The Human Food Project: These folks are going after large-scale microbiome base rates in various populations. They have an open source project going called American Gut where you can join and get your gut microbiome sequenced and compared to the others involved.

Mil-Tree: A local military/civilian integration and healing project based on the work of Ed Tick. Their Art of War show was one of the most moving things I witnessed this year.


I’ve listened to 247 podcasts of Planet Money over the last several years–about 80 hours. This show is the best way I’ve found way to learn about economics in fun, thought-provoking, 20-minute bursts.

I just finished a show called “The No-Brainer Economic Platform,” about six economic reforms that apparently almost all economists agree on, regardless of ideology. The major point of the show was that even though there is agreement, political candidates will not consider running on them. And if they did, they would stand no chance of winning.

One of the major points (though probably unintended) of my 80-hour economics education has been that economists are much closer to political pundits than scientists. The “facts” vary widely depending on their political stance. That’s why this show was so exciting: There actually are six things that economists agree on across the political spectrum!

1) Eliminate the home mortgage interest deduction. It is extremely regressive and distorts the housing market in bad ways. They make it sound here like almost all economists are in favor of eliminating all tax loopholes and deductions, though the point is less clear. Read on, though, and you’ll see that loopholes and deductions would become mostly obsolete under this platform.

2) Eliminate the deduction for employer-provided health insurance. It’s one of the main reasons for high healthcare costs in the US.

3) Eliminate taxes on corporations. If you want to tax rich people, do it directly. The idea is that tax rates serve as incentives/disincentives. Don’t tax things we like. We like American businesses making money.

4) Eliminate the individual income tax and payroll tax. We also like individuals making money and we like businesses creating jobs. Make up for the loss by taxing consumption, I think especially on luxury items–make it progressive in some way.

5) Tax things we don’t like. Use taxes as disincentives for things like cigarettes and pollution.

6) Legalize drugs, or at least marijuana. The war on drugs is basically a massive waste of money that makes drug cartels rich. Without it, we’d have another kind of consumption that we don’t like to tax.

Again, the major point of this show was that these ideas are political non-starters, but I wonder if that is true. Each plank on its own would have entrenched detractors, but as a system of reforms it’s more appealing. Pay more for your mortgage and gasoline, but pay no income tax. You would have to show people a model of it working.

Here’s a challenge for any math-oriented readers: Give us some examples. How much would we need to charge for cigarettes, pot, gambling, fossil fuels, yachts, and mansions to make up for the loss of all income taxes?

I like to know what everyone thinks is going on. To this end, about a year ago, I filled up my igoogle home page with feeds from a bunch of different news sources. They are political news sources, for the most part. I don’t care at all about sports or celebrities. I tried to pick stuff from the hard left and hard right and then some mainstream stuff, thinking I could read headlines every day or two and read the articles that grabbed my attention.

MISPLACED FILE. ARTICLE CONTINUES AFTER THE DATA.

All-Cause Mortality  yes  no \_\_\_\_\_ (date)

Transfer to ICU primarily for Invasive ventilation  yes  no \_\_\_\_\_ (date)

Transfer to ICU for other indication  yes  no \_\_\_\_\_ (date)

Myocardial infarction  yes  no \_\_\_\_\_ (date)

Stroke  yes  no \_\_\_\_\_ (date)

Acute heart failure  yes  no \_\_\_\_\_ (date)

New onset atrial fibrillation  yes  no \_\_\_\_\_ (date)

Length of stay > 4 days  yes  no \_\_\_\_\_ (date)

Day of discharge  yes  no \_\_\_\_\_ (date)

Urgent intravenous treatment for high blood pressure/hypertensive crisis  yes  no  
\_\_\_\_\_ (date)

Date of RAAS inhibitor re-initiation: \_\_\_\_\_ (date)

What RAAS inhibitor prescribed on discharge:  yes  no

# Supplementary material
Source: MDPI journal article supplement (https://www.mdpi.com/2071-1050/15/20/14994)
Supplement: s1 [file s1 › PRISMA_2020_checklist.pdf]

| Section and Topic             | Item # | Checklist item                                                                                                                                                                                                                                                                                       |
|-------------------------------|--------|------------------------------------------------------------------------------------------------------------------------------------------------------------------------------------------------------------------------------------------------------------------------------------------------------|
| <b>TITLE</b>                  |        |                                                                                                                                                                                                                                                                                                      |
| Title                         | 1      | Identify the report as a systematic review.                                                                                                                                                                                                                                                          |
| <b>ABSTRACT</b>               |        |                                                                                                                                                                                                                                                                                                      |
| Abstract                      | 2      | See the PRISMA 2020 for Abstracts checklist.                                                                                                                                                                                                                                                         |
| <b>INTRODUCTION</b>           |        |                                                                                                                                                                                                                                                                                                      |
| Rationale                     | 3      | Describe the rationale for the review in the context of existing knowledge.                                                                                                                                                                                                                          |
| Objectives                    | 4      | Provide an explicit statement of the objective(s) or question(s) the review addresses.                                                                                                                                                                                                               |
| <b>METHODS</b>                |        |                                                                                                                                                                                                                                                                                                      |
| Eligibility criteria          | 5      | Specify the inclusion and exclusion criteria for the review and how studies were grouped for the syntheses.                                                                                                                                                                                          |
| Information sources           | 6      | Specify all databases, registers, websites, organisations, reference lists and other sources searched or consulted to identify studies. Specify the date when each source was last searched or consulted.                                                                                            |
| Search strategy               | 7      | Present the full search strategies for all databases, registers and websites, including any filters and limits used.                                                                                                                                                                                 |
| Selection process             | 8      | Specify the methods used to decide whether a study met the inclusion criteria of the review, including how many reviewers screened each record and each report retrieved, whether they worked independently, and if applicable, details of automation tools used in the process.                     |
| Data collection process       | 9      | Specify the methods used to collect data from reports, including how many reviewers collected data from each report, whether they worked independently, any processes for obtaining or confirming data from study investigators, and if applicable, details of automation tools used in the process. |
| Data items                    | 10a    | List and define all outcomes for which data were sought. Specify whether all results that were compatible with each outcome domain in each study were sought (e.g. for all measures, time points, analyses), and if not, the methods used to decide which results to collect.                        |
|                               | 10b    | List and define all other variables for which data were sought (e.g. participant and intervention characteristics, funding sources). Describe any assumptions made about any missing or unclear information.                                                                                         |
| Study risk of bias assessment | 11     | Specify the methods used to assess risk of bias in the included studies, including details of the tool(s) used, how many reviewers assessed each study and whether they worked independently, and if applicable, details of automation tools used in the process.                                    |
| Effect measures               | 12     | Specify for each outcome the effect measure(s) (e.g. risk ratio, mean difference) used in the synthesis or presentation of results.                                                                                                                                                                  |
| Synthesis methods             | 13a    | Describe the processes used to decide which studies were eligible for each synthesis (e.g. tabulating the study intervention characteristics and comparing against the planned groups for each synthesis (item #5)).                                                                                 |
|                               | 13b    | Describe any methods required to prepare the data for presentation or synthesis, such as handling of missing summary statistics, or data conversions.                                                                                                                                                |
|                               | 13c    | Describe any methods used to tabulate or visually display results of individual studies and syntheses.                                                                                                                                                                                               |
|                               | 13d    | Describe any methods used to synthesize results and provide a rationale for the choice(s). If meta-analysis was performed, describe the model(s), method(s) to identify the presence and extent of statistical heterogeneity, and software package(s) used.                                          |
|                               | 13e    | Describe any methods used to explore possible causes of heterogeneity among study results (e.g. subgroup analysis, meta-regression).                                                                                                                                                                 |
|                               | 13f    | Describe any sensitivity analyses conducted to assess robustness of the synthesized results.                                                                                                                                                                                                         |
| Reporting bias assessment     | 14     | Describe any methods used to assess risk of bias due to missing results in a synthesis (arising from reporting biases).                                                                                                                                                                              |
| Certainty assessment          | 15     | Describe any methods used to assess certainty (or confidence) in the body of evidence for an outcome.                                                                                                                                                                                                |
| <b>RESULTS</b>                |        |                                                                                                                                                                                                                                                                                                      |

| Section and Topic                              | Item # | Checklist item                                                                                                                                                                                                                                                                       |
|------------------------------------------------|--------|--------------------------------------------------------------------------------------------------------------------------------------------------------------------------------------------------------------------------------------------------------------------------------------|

It’s not working out that well. I’m too busy to read much. I do glance over the headlines a bit, but there are a lot of them and often my eyes just glaze over. And while I want to know about the rest of the world, I’m even more interested in what my friends and family are doing. If my sister-in-law, Maya, has posted on her blog, or my mom on hers, my brother Benjamin on his, or my friend Jeannie on hers, or my friend Ethan on a couple of his blogs (one about everything and one about his wife Susannah’s struggle with leukemia–both amazing), or several other friends and family with blogs have posted, that’s what I read while I’m brushing my teeth or during whatever scanty extracurricular-reading time appears.

So I need to cull. I’m considering getting paring it down to the few feeds that I actually click on. That would look like this:

Paul Krugman and Thomas Friedman columns at NYTimes.com–occasional reads.

Wall Street Journal feed–very occasional reads.

NPR’s political feed–pretty regular use, but usually just audio clips from “All Things Considered,” plus a nearly-daily five-minute news overview, also audio.

A google news feed gathered from a bunch of sources–very occasional reads.

Plus PsychCentral‘s Mental Health News and Children/Parenting News feeds–pretty frequent reads, a few a week–and Nildoctrine‘s feed for his hilarious feminist political vlogs.

And plus my podcasts, which I have absolutely no problem keeping up with: Left, Right and Center, Planet Money, This American Life, Radiolab, and The Long Now Foundation’s Seminars About Long Term Thinking. These I love the most.

I’d call that a US-centric, left-leaning-centrist list. I’d be ditching my right-winger stuff besides the Wall Street Journal–FrumForum which looked pretty good when I checked it out, but I just haven’t been checking it out, and National Review, whose cartoony headlines and terrible writing meant that I almost never looked at it, and regretted it when I did. I’d ditch quite a bit of left-winger stuff–The New Republic & Mother Jones (cartoony headlines again), Truthdig (generally good but not catching me), and Democracy Now! which I think is great but consistently depressing. Also The Onion, which is hilarious but I’ve stopped looking at it, and a CNN feed, which is weak.

That list doesn’t really do what I originally wanted–covering hard left to hard right–but it seems OK for now. What do you think? I’m interested in the media-intake schemes of anyone who made it this far through my post. How do you make these decisions? Do you think I’m missing anything crucial? Make me some recommendations!

Also, anyone interested in my actual media diet can look at my reading list here.